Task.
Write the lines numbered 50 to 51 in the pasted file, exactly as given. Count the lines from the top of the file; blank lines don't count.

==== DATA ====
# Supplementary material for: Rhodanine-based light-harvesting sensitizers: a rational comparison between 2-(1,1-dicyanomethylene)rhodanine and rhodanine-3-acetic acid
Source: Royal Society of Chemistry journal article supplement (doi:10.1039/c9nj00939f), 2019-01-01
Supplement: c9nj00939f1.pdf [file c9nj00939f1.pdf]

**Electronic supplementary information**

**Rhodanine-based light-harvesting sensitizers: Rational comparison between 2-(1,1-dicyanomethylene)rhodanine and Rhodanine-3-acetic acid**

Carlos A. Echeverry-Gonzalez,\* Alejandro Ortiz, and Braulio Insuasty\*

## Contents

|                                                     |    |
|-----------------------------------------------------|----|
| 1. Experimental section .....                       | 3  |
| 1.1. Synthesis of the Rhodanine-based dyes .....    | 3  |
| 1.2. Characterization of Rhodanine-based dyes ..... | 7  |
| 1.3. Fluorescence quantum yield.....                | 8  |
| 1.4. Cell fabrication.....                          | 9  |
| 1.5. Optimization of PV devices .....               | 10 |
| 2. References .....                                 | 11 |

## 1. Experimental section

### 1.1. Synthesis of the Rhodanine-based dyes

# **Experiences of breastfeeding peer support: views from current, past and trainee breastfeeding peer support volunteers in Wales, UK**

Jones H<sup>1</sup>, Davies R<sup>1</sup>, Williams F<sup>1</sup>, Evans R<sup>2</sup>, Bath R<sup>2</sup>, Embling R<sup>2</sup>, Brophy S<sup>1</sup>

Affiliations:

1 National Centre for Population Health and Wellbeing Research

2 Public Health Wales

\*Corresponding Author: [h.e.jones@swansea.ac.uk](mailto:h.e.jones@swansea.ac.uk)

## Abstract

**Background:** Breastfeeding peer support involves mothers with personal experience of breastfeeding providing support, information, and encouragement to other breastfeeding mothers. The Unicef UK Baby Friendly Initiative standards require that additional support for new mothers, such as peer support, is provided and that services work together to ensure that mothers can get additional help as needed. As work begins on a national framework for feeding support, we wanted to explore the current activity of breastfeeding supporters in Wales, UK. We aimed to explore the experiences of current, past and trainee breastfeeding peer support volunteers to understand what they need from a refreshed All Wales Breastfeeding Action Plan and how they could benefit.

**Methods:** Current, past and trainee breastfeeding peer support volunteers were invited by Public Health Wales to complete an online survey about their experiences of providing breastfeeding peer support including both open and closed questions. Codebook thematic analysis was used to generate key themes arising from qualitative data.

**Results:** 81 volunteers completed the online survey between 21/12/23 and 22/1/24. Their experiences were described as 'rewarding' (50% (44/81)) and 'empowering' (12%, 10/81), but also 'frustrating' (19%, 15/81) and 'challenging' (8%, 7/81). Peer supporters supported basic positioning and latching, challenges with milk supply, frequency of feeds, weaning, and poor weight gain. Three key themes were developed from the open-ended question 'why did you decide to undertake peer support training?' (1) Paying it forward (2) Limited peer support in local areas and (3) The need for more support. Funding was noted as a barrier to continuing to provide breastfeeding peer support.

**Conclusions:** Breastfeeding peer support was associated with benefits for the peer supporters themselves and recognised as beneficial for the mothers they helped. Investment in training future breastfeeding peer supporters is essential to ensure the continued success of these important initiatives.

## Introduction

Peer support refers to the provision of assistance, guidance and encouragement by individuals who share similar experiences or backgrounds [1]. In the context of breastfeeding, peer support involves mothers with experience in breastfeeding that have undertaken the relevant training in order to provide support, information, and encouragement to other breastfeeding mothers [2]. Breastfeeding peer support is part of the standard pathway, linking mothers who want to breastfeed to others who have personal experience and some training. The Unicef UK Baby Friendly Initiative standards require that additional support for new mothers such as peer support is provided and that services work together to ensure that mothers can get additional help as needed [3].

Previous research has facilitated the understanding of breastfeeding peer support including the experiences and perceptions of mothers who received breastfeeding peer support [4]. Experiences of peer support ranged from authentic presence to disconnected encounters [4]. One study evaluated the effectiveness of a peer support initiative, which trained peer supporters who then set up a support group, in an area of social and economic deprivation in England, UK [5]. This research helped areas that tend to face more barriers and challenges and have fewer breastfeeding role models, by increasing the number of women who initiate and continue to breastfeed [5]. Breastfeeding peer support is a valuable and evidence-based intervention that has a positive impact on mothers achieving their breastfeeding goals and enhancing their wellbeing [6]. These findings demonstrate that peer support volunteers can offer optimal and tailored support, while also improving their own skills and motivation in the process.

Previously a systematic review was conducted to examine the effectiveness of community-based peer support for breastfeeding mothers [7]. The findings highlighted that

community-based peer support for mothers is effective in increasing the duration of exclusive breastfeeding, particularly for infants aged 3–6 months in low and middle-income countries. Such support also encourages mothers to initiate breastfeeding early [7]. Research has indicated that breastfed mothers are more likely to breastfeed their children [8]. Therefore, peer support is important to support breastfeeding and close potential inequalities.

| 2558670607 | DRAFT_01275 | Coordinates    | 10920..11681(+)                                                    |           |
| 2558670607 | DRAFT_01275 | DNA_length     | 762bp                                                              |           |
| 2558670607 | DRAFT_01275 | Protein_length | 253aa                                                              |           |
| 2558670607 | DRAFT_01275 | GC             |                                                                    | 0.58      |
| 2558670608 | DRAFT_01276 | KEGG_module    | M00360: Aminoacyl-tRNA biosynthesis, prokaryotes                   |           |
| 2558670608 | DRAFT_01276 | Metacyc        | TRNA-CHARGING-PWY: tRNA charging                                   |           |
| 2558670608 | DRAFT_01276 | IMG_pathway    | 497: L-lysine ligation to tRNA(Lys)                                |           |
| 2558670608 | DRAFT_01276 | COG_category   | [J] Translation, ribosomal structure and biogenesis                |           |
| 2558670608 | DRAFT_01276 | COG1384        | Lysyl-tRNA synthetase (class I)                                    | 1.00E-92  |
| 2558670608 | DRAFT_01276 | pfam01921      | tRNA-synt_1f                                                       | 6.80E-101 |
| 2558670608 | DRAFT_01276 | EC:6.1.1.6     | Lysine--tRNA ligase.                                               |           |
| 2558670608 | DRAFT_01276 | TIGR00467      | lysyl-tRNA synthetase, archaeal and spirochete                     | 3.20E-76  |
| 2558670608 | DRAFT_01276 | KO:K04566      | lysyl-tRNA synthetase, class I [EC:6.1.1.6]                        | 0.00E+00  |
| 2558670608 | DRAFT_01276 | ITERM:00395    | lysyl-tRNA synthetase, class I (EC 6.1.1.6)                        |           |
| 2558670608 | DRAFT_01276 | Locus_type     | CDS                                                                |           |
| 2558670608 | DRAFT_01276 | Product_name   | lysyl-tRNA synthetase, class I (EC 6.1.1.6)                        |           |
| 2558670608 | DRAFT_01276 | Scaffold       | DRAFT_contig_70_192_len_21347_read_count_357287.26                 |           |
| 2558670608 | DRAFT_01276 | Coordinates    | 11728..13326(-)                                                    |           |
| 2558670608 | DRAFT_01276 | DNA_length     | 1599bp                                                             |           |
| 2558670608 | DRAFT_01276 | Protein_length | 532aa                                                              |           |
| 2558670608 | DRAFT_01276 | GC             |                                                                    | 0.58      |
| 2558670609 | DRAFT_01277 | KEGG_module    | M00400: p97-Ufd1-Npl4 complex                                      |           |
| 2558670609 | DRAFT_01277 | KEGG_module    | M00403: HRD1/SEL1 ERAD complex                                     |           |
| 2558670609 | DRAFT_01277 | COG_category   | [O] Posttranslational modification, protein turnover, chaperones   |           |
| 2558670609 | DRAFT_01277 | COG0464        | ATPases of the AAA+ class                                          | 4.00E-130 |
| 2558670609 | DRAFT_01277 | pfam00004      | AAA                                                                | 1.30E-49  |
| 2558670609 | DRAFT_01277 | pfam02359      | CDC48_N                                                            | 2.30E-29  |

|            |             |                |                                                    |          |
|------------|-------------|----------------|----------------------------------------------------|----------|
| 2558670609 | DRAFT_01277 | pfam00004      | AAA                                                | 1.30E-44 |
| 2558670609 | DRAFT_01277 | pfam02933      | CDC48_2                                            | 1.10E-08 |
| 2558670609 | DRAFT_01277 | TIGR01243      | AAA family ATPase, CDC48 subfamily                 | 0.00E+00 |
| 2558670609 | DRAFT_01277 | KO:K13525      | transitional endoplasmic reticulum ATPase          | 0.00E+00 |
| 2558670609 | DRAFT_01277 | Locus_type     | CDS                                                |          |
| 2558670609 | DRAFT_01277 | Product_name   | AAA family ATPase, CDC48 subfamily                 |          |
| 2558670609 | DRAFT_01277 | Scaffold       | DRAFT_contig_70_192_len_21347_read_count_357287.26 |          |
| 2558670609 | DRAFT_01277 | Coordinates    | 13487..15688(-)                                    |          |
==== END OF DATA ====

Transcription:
| 2558670608 | DRAFT_01276 | Product_name   | lysyl-tRNA synthetase, class I (EC 6.1.1.6)                        |           |
| 2558670608 | DRAFT_01276 | Scaffold       | DRAFT_contig_70_192_len_21347_read_count_357287.26                 |           |